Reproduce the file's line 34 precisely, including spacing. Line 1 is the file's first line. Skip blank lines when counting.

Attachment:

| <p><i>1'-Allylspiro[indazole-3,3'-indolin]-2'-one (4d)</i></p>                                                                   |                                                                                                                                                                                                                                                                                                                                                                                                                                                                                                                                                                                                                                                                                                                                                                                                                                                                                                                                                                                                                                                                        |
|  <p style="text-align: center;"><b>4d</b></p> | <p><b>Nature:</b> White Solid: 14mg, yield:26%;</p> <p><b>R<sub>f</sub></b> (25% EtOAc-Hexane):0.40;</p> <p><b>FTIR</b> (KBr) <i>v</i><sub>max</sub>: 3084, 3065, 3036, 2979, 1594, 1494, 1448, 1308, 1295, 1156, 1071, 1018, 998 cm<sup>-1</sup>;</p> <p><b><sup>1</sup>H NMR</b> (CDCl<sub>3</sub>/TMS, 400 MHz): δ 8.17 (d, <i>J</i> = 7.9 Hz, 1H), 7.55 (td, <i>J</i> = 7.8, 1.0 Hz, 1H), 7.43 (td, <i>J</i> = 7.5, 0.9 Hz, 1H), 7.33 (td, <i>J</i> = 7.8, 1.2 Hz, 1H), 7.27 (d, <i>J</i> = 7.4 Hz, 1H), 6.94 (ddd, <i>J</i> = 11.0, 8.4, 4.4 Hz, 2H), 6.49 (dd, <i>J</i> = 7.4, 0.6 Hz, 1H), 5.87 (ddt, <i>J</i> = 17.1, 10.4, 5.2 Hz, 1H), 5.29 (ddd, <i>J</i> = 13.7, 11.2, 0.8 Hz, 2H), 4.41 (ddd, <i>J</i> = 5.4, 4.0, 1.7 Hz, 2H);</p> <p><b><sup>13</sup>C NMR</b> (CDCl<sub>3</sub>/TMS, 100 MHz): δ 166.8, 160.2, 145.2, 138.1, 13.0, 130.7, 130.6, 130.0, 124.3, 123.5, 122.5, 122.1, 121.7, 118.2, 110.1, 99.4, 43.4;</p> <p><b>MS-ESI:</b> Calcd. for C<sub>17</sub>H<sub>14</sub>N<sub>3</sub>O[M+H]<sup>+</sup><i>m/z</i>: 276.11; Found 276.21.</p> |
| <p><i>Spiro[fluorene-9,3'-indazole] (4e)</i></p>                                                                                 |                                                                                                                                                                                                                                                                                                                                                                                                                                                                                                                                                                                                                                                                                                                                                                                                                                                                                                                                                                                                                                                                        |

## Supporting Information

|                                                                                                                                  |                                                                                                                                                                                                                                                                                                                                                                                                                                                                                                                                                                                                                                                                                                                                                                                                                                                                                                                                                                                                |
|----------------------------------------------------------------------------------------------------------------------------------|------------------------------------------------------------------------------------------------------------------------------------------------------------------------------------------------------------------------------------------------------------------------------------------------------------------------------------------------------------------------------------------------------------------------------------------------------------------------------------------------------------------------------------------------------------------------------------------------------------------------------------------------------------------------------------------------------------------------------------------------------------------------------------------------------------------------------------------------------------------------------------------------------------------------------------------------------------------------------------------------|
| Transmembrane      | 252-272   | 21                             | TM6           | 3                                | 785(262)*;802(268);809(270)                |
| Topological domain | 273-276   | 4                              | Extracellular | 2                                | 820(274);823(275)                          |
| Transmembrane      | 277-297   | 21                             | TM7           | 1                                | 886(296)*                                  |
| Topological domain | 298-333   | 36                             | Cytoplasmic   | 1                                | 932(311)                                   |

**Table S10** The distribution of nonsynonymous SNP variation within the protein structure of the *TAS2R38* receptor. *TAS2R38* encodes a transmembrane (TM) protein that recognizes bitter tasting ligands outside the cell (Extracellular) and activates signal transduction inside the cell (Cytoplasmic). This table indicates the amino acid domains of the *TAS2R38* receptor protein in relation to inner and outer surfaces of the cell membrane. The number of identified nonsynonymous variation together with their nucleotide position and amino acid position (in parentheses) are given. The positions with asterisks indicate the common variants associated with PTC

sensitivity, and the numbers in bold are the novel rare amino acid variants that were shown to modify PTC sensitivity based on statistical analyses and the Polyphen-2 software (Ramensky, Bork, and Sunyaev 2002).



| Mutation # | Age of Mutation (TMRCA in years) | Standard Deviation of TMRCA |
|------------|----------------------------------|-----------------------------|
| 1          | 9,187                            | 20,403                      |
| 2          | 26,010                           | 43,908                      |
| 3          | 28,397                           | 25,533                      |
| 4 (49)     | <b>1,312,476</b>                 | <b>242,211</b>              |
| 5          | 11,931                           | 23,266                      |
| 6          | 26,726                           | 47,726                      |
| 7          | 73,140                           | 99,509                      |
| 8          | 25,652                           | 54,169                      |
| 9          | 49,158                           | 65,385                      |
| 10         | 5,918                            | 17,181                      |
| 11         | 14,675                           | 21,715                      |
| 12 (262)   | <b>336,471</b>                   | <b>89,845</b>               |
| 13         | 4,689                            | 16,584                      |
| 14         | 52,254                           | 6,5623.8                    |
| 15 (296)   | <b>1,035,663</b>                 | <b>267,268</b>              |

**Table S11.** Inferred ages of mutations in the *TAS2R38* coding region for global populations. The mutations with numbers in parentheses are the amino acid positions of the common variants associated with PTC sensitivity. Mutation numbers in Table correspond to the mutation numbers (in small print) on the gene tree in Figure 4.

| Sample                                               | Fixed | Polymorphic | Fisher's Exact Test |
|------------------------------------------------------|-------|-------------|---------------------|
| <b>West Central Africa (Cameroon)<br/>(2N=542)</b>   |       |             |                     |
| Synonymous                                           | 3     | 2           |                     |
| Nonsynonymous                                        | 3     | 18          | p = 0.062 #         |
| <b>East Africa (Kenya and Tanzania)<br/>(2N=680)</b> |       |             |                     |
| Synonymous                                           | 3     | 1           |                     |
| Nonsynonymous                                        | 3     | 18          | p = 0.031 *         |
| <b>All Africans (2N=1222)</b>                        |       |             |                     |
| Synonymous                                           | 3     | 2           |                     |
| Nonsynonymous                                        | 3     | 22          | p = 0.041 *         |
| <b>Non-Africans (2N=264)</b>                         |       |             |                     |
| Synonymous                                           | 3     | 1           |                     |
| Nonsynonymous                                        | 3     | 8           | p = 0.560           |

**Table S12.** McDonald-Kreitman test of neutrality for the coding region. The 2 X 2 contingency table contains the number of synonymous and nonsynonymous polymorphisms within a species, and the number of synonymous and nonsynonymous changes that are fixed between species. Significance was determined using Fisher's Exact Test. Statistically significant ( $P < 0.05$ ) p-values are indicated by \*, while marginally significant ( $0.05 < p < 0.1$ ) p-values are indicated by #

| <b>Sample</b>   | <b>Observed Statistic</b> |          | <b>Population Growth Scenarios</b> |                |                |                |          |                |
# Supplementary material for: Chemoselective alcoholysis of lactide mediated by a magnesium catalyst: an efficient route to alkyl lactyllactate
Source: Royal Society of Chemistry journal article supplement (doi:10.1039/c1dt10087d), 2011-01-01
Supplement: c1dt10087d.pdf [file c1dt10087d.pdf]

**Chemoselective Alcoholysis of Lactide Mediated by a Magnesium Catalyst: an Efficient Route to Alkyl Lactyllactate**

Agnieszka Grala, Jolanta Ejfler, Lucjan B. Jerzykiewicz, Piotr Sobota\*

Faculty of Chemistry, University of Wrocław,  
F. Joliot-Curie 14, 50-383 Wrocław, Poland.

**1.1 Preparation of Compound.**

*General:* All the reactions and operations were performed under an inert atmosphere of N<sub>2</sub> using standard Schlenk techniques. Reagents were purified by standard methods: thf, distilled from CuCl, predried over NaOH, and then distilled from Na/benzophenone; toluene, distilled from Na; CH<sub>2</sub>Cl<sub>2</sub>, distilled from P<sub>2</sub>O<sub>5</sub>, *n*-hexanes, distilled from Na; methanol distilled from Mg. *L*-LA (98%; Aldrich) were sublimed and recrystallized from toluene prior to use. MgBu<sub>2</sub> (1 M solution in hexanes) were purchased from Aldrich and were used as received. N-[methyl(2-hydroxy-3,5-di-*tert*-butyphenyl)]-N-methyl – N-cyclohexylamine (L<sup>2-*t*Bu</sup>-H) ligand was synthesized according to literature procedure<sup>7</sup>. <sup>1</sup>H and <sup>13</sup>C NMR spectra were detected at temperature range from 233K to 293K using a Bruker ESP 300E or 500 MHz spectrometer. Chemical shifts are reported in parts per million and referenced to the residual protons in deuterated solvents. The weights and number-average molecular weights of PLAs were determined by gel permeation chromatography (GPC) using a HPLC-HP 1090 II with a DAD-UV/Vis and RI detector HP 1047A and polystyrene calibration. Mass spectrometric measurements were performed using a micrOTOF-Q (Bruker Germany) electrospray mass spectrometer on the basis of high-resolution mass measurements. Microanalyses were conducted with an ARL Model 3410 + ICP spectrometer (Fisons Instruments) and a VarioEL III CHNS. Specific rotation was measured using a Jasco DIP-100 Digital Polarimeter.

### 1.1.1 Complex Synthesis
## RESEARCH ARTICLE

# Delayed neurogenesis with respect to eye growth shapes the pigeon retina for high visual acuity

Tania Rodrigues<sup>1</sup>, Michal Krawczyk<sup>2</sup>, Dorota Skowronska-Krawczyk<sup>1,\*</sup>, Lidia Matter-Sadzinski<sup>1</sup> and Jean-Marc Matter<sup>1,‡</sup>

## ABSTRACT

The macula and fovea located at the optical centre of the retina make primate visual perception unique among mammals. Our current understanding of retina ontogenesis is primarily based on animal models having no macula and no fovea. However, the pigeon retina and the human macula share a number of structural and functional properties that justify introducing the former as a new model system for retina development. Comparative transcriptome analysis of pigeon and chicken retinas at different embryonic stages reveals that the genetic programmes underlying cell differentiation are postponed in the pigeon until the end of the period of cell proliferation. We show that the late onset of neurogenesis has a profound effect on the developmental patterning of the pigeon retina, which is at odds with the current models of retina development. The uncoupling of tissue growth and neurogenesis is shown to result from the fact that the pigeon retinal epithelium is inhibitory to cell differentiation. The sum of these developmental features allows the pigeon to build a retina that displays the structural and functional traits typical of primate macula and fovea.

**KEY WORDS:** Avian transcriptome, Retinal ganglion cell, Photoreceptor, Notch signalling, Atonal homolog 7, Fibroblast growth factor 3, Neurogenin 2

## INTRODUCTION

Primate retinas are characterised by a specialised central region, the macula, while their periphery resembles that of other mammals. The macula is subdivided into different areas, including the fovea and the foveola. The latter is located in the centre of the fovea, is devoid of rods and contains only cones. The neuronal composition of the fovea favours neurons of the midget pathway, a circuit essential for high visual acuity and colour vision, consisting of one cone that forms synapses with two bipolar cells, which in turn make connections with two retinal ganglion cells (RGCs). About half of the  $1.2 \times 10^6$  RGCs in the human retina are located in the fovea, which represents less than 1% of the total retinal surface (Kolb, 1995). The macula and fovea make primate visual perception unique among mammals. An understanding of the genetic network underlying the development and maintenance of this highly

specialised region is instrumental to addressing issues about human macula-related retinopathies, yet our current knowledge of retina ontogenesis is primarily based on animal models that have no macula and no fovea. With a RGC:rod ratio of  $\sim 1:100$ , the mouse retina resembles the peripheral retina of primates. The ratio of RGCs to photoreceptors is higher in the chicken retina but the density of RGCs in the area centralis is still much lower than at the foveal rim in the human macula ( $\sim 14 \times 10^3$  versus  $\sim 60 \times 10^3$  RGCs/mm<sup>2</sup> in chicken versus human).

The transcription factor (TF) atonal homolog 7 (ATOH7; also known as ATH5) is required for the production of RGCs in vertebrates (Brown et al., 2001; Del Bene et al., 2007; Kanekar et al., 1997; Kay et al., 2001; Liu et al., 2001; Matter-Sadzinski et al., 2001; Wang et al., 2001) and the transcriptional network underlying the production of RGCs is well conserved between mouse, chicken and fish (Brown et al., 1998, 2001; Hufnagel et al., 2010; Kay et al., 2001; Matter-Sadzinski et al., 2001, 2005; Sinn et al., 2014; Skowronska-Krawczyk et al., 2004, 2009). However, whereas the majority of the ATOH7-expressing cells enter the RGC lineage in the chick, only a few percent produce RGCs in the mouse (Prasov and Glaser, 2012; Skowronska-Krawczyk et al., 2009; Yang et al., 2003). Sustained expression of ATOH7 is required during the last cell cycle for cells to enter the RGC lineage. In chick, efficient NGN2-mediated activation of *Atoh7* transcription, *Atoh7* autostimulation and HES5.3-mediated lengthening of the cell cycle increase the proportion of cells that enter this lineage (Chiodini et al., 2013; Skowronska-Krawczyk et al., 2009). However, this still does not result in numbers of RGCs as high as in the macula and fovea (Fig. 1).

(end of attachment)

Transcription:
| Synonymous                                           | 3     | 2           |                     |